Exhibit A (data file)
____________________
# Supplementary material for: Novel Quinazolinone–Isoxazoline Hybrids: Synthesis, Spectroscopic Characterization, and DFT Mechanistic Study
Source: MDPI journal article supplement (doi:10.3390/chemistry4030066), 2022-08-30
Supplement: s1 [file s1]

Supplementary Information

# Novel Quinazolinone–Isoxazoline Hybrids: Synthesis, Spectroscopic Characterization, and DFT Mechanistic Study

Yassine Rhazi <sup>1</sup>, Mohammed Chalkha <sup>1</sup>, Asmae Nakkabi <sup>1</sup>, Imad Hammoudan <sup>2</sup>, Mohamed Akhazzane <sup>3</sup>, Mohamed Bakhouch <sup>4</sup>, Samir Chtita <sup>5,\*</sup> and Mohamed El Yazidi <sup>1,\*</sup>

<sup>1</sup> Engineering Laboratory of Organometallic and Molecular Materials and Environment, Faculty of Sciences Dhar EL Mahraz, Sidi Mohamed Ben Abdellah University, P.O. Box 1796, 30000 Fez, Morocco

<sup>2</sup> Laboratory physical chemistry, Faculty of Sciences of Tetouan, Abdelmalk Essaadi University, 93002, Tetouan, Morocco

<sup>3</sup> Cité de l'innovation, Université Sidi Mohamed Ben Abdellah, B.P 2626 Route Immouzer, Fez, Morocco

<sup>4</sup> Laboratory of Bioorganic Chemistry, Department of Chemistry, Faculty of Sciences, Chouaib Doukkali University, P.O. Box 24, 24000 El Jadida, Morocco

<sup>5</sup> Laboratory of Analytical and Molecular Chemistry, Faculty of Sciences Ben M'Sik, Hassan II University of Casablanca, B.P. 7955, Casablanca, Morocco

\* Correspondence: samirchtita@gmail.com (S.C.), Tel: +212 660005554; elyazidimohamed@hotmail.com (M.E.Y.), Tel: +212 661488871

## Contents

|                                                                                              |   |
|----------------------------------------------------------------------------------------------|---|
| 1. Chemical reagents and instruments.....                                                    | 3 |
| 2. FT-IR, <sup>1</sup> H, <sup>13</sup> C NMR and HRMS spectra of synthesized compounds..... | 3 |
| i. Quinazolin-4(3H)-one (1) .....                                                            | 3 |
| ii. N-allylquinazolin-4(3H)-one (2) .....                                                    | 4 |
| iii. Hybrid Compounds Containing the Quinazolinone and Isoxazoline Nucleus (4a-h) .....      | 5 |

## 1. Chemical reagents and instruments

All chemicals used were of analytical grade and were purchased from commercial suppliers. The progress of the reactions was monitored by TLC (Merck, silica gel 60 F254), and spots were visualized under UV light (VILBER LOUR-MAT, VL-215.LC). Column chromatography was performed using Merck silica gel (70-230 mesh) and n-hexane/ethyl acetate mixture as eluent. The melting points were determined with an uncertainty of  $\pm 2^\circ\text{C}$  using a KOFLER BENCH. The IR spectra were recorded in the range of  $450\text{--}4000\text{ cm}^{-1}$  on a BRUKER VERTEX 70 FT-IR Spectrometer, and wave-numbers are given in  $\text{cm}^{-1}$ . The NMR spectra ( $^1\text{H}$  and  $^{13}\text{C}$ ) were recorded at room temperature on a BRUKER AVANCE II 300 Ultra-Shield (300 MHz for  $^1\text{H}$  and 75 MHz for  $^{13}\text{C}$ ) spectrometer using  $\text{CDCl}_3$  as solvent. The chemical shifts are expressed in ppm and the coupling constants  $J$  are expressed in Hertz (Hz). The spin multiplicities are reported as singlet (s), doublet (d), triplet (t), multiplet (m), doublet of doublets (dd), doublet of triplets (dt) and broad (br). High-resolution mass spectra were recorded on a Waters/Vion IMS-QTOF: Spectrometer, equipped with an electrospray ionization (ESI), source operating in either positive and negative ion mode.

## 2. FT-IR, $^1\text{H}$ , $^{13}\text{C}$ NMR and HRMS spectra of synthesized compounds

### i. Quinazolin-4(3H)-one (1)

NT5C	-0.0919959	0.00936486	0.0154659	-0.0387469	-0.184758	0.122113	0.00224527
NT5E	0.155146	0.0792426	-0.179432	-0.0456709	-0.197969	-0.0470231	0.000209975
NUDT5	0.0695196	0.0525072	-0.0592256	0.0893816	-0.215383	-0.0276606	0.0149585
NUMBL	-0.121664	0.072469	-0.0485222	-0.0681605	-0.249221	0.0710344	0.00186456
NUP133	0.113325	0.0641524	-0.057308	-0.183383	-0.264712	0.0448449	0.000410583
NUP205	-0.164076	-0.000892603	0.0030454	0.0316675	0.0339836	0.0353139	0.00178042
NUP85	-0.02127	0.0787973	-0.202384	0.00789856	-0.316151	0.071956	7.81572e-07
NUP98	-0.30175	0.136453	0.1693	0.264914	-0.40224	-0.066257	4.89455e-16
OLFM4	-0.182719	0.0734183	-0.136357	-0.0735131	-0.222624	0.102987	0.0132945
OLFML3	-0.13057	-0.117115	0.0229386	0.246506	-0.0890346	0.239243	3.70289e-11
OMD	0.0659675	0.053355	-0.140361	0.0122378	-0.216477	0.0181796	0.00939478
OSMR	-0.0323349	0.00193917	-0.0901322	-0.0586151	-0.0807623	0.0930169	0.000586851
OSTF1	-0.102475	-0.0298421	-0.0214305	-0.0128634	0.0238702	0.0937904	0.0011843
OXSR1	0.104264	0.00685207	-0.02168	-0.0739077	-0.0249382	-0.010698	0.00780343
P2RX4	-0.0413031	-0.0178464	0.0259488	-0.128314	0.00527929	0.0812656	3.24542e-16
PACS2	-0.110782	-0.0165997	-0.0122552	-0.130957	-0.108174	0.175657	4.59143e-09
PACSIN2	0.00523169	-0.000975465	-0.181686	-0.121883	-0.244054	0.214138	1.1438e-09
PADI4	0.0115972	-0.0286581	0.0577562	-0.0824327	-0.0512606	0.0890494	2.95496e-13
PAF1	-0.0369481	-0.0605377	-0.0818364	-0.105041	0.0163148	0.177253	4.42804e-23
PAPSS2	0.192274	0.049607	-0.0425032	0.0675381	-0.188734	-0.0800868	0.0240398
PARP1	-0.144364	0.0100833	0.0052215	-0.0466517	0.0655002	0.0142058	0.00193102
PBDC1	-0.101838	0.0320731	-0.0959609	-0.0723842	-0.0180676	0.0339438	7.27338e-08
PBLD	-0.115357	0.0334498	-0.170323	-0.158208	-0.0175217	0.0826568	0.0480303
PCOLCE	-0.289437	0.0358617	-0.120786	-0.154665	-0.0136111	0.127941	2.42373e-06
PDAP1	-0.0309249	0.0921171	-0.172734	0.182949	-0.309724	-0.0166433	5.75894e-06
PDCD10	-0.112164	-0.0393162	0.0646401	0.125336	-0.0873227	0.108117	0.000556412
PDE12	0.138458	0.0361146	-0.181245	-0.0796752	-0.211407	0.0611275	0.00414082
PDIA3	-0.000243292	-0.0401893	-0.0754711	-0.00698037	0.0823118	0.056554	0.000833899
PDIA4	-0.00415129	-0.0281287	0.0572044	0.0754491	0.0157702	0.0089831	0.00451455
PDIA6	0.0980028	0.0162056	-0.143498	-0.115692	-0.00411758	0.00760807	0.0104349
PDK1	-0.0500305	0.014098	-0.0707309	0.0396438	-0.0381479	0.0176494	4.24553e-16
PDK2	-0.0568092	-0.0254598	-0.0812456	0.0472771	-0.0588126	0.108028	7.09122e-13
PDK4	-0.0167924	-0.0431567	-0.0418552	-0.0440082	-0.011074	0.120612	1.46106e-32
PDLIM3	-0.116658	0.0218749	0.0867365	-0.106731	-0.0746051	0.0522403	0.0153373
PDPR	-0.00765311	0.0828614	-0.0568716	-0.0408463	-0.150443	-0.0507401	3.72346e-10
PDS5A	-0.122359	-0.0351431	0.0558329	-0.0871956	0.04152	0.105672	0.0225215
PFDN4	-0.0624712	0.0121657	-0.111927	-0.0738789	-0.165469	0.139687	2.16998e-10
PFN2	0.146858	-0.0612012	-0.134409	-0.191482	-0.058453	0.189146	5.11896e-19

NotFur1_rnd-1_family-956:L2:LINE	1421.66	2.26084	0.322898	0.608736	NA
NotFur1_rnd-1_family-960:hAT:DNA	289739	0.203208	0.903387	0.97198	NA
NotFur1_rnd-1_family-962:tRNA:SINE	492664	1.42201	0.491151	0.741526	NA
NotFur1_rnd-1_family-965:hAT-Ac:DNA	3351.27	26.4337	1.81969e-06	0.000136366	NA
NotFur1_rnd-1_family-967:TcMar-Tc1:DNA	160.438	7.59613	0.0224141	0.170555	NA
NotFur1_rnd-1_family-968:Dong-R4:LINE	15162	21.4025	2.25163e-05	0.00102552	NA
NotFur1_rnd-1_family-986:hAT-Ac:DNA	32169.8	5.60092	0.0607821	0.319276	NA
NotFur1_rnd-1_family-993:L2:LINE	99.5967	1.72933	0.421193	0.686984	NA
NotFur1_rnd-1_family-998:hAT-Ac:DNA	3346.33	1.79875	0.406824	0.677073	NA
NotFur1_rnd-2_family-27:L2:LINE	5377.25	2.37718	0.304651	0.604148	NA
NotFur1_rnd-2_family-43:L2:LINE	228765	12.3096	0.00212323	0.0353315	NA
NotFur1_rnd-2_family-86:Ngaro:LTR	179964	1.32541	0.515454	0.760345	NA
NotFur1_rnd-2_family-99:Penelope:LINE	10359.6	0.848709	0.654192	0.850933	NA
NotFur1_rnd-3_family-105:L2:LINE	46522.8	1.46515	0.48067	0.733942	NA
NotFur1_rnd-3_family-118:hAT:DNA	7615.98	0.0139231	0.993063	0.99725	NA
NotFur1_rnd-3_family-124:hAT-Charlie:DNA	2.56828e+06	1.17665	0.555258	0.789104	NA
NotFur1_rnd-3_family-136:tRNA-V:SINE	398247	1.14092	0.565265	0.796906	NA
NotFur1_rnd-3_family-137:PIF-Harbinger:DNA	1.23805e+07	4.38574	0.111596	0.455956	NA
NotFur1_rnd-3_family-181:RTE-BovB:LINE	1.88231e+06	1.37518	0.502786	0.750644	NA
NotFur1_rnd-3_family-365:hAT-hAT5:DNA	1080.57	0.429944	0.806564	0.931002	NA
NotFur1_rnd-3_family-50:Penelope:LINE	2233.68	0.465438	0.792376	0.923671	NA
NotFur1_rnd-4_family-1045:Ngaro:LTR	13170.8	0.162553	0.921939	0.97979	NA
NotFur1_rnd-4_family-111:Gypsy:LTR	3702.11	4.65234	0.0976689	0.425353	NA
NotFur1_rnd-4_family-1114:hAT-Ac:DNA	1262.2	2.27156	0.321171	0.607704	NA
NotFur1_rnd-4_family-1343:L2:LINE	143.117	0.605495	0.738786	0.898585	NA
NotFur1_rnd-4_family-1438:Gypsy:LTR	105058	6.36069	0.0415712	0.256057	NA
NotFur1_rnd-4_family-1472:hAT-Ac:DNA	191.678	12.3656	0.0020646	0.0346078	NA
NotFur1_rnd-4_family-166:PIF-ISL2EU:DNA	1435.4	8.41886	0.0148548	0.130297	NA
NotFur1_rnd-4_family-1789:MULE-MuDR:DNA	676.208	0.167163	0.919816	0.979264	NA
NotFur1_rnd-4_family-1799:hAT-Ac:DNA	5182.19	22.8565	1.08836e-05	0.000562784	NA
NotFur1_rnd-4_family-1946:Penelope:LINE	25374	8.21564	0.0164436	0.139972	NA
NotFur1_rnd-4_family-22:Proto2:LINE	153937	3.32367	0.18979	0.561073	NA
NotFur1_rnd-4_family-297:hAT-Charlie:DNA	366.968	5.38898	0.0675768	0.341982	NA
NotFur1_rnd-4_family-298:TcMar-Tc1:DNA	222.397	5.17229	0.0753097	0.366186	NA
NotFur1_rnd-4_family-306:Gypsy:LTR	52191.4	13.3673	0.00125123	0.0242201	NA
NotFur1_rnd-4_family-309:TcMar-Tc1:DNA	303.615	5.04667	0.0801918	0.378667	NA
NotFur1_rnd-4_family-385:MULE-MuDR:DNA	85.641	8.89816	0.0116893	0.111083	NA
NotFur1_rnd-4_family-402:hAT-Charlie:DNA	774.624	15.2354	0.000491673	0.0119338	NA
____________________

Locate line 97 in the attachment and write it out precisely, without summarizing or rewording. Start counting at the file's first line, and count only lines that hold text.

NotFur1_rnd-4_family-306:Gypsy:LTR	52191.4	13.3673	0.00125123	0.0242201	NA